The following remarks were given at the Aug. 18 funeral for former Mayor and state Sen. Patsy Ticer.
Let there be no doubt. Patsy Ticer lived a full life. And her life was a blessing.
One could argue effectively that she lived the equivalence of five or more lives. Devoted daughter to her cherished parents; a great wife to her extraordinary husband Jack Ticer; a loving mother to their four children, John, Margaret, Catherine and Virginia; a doting grandmother to Park, Zack, Sandrine, Marcel, and Rand. She was devoted as well to her daughter-in-law Hayley and son-in-law Laurent and looked forward to welcoming her new granddaughter-in-law, Lindsey, to the family. On behalf of a grateful city, I thank all the Ticer family for sharing Patsy with all of us for so many years.
She was a friend to countless, a community activist, a three-term member of the Alexandria City Council from 1982 until 1990, a two-term Mayor and the first female Mayor at that, a four-term State Senator and the first female in that seat, as well as a trailblazer in regional and national organizations. Patsy served as Chair of the Metropolitan Washington Council of Governments Board of Directors, received COG’s prestigious Scull Award, and served as Chair of the Transportation Planning Board, as President of the National Association of Regional Councils, a prominent national organization, and served as Chair of the Northern Virginia Planning District Commission. For five years, she served on the board of the Northern Virginia Conservation Trust. Her contributions to the life of our city and region help make us who we are today.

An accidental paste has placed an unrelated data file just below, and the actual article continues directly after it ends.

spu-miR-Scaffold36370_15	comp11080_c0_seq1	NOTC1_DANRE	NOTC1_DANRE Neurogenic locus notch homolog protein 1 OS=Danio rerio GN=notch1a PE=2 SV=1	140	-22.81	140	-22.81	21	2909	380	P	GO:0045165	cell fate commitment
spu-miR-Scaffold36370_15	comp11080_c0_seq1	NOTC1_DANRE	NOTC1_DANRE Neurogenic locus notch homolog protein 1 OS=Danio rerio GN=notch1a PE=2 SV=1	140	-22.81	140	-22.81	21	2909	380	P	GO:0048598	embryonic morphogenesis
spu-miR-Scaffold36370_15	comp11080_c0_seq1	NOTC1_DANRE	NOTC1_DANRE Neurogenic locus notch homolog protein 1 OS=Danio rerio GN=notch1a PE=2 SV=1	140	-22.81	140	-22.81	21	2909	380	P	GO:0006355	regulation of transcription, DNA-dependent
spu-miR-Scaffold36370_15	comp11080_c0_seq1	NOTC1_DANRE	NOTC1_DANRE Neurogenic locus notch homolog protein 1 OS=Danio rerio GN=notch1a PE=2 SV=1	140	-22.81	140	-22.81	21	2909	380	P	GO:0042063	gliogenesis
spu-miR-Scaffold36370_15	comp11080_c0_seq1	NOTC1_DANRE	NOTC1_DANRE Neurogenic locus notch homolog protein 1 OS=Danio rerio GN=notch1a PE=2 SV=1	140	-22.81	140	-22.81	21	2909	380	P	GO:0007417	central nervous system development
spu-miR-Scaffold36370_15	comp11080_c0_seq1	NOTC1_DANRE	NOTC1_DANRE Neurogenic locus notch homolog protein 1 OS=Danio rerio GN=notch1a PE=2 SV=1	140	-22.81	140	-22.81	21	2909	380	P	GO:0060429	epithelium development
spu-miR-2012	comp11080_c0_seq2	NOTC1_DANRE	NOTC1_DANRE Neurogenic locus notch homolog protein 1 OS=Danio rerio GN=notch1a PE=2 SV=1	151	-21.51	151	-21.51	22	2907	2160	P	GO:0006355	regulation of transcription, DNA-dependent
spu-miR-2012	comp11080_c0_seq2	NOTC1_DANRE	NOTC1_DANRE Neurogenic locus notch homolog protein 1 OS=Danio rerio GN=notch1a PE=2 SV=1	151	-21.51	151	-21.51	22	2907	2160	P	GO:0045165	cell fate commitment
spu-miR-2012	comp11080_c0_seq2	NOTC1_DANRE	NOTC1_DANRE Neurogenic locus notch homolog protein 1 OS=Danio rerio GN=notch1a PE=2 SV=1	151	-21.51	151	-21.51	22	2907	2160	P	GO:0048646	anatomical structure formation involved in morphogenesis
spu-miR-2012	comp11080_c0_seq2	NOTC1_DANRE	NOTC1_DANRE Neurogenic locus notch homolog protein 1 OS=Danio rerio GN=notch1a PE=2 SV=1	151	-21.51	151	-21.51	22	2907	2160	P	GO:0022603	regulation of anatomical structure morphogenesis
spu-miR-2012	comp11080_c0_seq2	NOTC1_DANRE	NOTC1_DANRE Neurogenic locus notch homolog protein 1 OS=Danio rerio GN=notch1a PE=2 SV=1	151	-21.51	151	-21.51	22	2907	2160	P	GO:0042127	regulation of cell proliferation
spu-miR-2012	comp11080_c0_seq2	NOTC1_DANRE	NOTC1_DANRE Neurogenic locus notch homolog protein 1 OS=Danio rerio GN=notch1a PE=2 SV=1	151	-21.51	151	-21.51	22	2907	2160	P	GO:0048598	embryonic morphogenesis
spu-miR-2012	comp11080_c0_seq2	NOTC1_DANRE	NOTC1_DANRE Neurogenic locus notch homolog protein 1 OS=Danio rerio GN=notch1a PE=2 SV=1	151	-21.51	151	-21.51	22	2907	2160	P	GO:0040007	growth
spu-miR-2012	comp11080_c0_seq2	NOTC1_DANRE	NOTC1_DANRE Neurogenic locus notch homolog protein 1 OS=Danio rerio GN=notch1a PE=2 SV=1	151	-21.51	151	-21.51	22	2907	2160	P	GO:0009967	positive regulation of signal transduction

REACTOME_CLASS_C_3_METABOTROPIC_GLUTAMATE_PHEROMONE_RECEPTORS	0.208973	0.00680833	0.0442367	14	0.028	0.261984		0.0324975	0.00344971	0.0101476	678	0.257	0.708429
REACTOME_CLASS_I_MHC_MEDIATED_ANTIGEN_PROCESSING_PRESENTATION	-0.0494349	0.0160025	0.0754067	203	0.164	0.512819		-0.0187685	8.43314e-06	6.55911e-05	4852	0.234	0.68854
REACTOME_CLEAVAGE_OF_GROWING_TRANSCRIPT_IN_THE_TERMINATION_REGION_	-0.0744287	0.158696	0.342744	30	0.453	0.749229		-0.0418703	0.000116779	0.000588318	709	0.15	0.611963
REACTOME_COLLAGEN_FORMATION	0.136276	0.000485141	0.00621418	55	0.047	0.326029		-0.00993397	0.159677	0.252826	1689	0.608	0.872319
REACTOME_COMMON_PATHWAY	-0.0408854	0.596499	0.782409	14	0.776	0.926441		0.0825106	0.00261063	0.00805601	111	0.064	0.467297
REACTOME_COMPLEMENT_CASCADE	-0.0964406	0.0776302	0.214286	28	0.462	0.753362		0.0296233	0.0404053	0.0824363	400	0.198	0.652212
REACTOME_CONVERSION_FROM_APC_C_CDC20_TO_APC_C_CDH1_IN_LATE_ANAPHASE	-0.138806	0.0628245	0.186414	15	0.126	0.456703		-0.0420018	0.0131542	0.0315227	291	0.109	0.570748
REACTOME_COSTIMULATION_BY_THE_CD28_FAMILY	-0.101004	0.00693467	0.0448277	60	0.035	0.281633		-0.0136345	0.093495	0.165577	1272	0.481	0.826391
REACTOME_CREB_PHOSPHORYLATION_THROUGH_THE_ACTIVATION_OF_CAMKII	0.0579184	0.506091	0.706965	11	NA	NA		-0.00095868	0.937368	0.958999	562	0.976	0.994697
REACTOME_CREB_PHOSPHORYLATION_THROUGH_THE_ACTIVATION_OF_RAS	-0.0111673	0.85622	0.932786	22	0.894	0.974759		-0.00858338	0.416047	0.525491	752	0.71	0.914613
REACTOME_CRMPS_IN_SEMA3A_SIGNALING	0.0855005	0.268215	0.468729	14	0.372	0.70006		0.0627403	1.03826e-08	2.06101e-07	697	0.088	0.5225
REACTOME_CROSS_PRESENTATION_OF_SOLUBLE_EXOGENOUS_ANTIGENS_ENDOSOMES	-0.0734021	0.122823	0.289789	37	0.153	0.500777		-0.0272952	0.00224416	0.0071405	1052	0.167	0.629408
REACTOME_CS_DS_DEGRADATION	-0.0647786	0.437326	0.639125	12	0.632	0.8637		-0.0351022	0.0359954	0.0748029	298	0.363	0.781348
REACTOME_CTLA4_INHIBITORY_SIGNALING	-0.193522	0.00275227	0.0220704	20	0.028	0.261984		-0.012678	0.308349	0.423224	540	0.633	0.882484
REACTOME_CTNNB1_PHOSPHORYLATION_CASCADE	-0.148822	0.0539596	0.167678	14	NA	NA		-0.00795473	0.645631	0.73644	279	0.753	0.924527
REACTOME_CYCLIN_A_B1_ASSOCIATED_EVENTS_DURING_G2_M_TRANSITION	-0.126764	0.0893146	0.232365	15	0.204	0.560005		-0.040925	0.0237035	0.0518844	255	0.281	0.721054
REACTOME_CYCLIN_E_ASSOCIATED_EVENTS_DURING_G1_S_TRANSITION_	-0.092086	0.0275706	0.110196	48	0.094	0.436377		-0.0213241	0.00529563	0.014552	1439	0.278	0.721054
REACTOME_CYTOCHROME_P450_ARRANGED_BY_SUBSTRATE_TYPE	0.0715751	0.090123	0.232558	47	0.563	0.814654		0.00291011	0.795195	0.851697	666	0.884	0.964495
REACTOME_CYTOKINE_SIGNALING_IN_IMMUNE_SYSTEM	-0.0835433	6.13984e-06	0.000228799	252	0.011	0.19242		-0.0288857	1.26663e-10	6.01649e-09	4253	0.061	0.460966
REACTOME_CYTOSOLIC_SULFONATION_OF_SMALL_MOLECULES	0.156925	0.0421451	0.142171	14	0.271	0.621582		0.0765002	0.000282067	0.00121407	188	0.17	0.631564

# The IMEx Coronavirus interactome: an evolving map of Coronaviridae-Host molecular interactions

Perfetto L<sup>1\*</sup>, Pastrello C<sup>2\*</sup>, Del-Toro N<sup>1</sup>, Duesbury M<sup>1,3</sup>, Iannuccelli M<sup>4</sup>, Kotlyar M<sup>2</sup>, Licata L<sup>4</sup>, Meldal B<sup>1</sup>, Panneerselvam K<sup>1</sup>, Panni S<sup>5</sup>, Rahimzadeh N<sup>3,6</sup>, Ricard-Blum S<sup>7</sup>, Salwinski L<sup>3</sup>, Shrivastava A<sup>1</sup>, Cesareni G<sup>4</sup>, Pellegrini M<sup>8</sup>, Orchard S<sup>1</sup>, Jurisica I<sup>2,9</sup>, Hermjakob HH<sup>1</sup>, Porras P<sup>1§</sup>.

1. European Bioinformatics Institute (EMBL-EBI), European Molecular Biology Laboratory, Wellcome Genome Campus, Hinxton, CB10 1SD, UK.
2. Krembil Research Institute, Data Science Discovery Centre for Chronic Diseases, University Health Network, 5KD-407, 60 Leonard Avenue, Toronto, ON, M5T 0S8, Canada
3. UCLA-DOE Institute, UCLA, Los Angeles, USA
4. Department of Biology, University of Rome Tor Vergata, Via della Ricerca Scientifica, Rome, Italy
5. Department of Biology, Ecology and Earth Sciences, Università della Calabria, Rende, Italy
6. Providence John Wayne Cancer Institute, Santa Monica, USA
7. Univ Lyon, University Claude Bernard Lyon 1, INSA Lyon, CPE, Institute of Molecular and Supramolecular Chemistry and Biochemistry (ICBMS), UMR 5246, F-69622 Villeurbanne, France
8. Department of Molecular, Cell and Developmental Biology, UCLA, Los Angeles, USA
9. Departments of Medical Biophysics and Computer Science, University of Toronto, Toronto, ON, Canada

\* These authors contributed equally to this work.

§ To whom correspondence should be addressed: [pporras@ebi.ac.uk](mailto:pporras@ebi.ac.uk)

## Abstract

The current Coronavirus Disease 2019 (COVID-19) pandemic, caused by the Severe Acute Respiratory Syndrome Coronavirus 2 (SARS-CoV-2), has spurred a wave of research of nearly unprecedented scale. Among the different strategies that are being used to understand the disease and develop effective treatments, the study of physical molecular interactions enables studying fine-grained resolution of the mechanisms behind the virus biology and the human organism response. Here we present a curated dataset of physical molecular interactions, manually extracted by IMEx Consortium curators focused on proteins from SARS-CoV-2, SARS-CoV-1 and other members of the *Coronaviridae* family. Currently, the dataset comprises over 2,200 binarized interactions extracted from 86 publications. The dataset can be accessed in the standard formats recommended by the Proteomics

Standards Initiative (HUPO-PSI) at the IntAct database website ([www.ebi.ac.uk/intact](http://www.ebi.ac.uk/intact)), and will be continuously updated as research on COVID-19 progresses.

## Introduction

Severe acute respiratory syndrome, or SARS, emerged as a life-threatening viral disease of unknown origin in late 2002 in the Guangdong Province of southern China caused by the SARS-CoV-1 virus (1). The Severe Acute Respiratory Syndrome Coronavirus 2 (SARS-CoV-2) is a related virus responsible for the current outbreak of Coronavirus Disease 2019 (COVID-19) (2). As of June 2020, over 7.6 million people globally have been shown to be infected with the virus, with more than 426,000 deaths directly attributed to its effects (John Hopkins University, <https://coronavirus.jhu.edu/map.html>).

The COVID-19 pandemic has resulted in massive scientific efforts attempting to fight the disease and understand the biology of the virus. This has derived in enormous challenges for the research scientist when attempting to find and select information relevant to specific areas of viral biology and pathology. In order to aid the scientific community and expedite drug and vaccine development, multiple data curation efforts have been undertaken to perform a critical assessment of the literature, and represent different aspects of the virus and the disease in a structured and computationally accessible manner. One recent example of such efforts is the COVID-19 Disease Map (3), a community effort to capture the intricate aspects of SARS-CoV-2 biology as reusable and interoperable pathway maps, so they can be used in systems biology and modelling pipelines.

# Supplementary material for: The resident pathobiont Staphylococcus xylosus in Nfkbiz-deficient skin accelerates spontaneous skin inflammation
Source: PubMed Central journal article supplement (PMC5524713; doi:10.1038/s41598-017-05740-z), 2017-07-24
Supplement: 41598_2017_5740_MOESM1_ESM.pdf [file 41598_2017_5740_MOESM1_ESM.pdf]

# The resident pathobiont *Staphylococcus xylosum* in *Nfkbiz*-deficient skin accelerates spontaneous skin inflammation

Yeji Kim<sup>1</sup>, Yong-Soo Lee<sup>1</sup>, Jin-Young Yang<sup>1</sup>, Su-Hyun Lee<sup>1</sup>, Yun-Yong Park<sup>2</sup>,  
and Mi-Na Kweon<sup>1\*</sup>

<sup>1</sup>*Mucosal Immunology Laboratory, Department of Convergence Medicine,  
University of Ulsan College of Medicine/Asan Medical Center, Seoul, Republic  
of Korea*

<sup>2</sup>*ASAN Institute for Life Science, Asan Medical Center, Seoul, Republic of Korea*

And this is only a partial list of her accomplishments, which is astounding and inspiring. And on top of it all, she played boatloads of tennis!
She often said that we are a city of great neighborhoods. She believed in creating community. She cared deeply about all the people. As Mayor, she fought for the causes we hold dear: supporting programs for women and children and families, including the establishment of the city’s Early Childhood Program for at-risk children, programs for our low-income residents, including affordable housing, historic preservation, open space, the Torpedo Factory, the Alexandria Symphony Orchestra, and helped form the city’s Commission for the Arts. She stood up to Jack Kent Cooke and won. She established our city’s massive annual birthday celebration along the waterfront. She also showed great leadership during the re-drafting of the Master Plan in the early 1990s. Then as State Senator, she championed similar issues, including our environment. As Mayor and then State Senator, she got things done.
Even in this last year, she was one of the most forceful and helpful voices behind our saving the Murray-Dick-Fawcett House, and she insisted on attending the official dedication event at 8 a.m. on a cold, rainy morning only a few months ago in May.